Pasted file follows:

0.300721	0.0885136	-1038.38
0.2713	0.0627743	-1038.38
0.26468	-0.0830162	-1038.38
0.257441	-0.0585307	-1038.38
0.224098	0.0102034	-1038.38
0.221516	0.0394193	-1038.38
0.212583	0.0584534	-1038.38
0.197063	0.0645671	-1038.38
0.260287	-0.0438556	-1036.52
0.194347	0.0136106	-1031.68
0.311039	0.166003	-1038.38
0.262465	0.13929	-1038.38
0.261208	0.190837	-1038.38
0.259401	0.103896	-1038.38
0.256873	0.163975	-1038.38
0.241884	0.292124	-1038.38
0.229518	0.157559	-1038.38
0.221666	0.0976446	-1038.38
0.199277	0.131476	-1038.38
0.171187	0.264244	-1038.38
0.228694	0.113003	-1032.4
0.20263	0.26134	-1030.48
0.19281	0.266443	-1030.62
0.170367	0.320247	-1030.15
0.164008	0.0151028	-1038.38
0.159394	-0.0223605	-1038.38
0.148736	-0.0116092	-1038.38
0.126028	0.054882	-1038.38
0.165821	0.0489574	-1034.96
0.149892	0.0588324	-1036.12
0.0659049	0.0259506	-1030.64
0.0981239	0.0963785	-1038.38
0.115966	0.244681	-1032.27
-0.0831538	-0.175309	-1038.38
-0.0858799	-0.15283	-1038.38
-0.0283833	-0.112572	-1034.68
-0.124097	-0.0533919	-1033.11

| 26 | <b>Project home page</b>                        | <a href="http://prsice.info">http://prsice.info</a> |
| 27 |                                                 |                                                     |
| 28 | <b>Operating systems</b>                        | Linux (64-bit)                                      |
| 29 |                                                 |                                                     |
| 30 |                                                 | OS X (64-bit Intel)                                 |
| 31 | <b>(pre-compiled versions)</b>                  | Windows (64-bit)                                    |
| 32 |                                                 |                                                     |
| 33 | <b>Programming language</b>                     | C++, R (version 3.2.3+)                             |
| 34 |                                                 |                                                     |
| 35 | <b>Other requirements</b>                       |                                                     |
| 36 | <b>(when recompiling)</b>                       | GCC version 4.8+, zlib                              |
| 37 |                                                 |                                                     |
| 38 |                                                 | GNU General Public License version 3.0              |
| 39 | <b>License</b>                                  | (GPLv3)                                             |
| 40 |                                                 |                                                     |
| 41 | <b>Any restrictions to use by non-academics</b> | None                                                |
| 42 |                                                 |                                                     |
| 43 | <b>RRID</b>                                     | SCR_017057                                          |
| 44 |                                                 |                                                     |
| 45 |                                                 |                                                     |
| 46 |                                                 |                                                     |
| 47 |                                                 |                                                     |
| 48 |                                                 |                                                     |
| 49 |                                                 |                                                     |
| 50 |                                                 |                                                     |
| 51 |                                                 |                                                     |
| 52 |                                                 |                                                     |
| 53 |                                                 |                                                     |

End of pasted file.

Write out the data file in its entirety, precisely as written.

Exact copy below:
0.300721	0.0885136	-1038.38
0.2713	0.0627743	-1038.38
0.26468	-0.0830162	-1038.38
0.257441	-0.0585307	-1038.38
0.224098	0.0102034	-1038.38
0.221516	0.0394193	-1038.38
0.212583	0.0584534	-1038.38
0.197063	0.0645671	-1038.38
0.260287	-0.0438556	-1036.52
0.194347	0.0136106	-1031.68
0.311039	0.166003	-1038.38
0.262465	0.13929	-1038.38
0.261208	0.190837	-1038.38
0.259401	0.103896	-1038.38
0.256873	0.163975	-1038.38
0.241884	0.292124	-1038.38
0.229518	0.157559	-1038.38
0.221666	0.0976446	-1038.38
0.199277	0.131476	-1038.38
0.171187	0.264244	-1038.38
0.228694	0.113003	-1032.4
0.20263	0.26134	-1030.48
0.19281	0.266443	-1030.62
0.170367	0.320247	-1030.15
0.164008	0.0151028	-1038.38
0.159394	-0.0223605	-1038.38
0.148736	-0.0116092	-1038.38
0.126028	0.054882	-1038.38
0.165821	0.0489574	-1034.96
0.149892	0.0588324	-1036.12
0.0659049	0.0259506	-1030.64
0.0981239	0.0963785	-1038.38
0.115966	0.244681	-1032.27
-0.0831538	-0.175309	-1038.38
-0.0858799	-0.15283	-1038.38
-0.0283833	-0.112572	-1034.68
-0.124097	-0.0533919	-1033.11

| 26 | <b>Project home page</b>                        | <a href="http://prsice.info">http://prsice.info</a> |
| 27 |                                                 |                                                     |
| 28 | <b>Operating systems</b>                        | Linux (64-bit)                                      |
| 29 |                                                 |                                                     |
| 30 |                                                 | OS X (64-bit Intel)                                 |
| 31 | <b>(pre-compiled versions)</b>                  | Windows (64-bit)                                    |
| 32 |                                                 |                                                     |
| 33 | <b>Programming language</b>                     | C++, R (version 3.2.3+)                             |
| 34 |                                                 |                                                     |
| 35 | <b>Other requirements</b>                       |                                                     |
| 36 | <b>(when recompiling)</b>                       | GCC version 4.8+, zlib                              |
| 37 |                                                 |                                                     |
| 38 |                                                 | GNU General Public License version 3.0              |
| 39 | <b>License</b>                                  | (GPLv3)                                             |
| 40 |                                                 |                                                     |
| 41 | <b>Any restrictions to use by non-academics</b> | None                                                |
| 42 |                                                 |                                                     |
| 43 | <b>RRID</b>                                     | SCR_017057                                          |
| 44 |                                                 |                                                     |
| 45 |                                                 |                                                     |
| 46 |                                                 |                                                     |
| 47 |                                                 |                                                     |
| 48 |                                                 |                                                     |
| 49 |                                                 |                                                     |
| 50 |                                                 |                                                     |
| 51 |                                                 |                                                     |
| 52 |                                                 |                                                     |
| 53 |                                                 |                                                     |